Monday 31 October 2016


This time of year, as well as bringing herds of small children demanding sweets, also tends to bring out Christian ruminations on the advisbility of celebrating ghouls and the occult.

Whilst there's clearly some issue involved in being over fascinated with supernatural evil, I've always rather enjoyed the celebrations, particularly when our children were younger. I was rather relieved to discover this enjoyment was shared with Russell Kirk:

As a teller and writer of ghostly tales, I celebrate Halloween with enthusiasm. Every October 31, as many as 400 trick-or-treaters have found their way to our tall Italianate house in a decayed village in Michigan these past two decades, and we have both tricked and treated them, to their dreadful joy.  Such amiable festivities are vanishing altogether nowadays from American cities, supplanted by annual holocausts.

 [From 'Halloween's horrors' here]

In essence, I don't see in principle anything more wrong in dressing up as devils for Halloween than in dressing up as devils for the medieval mystery plays. I suspect there's a deep truth buried here should the effort be made fully to dig it out: how a genuinely and deeply Christian culture can afford to be playful and imaginative in its treatment of evil, without losing sight of its essential wrongness. Instead of modern horror where there is too often a simple revelling in the brutal or sordid, the secular but truly Christian world can allow itself a moment (and even the risk) of getting lost in evil, secure in the knowledge that evil is ultimately defeated by good, just as Halloween is followed by All Saints' Day. The Church may not always have known what to make of the details of folk Catholic Halloween, but the basic pattern was there: Christ and his saints rescue us from the chaos of night, even if that chaos has to be imaginatively lived out before the rescue can be fully appreciated.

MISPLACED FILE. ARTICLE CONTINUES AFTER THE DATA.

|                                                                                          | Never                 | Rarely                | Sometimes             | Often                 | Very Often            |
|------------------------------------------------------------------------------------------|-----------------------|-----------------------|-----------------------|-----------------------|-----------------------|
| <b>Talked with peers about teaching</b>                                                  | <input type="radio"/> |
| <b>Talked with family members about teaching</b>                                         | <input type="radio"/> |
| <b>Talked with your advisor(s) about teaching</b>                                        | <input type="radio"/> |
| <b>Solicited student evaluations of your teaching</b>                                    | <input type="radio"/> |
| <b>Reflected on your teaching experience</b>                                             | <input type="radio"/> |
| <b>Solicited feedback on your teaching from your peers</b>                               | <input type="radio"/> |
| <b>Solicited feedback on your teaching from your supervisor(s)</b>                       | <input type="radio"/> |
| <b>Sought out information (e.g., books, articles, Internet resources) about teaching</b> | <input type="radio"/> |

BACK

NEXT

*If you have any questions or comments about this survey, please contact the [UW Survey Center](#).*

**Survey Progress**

We've lost the ease with which peasant Catholicism handled an enchanted world, and instead are forced to stammer our way through it as if speakers of a foreign tongue, nervous of making a mistake. The actual practice of societies more comfortable with their Catholicism than ours can be instructive.

I hope you enjoy what's left of Halloween. And remember that tomorrow, the Feast of All Saints, is a holy day of obligation and you go to mass.

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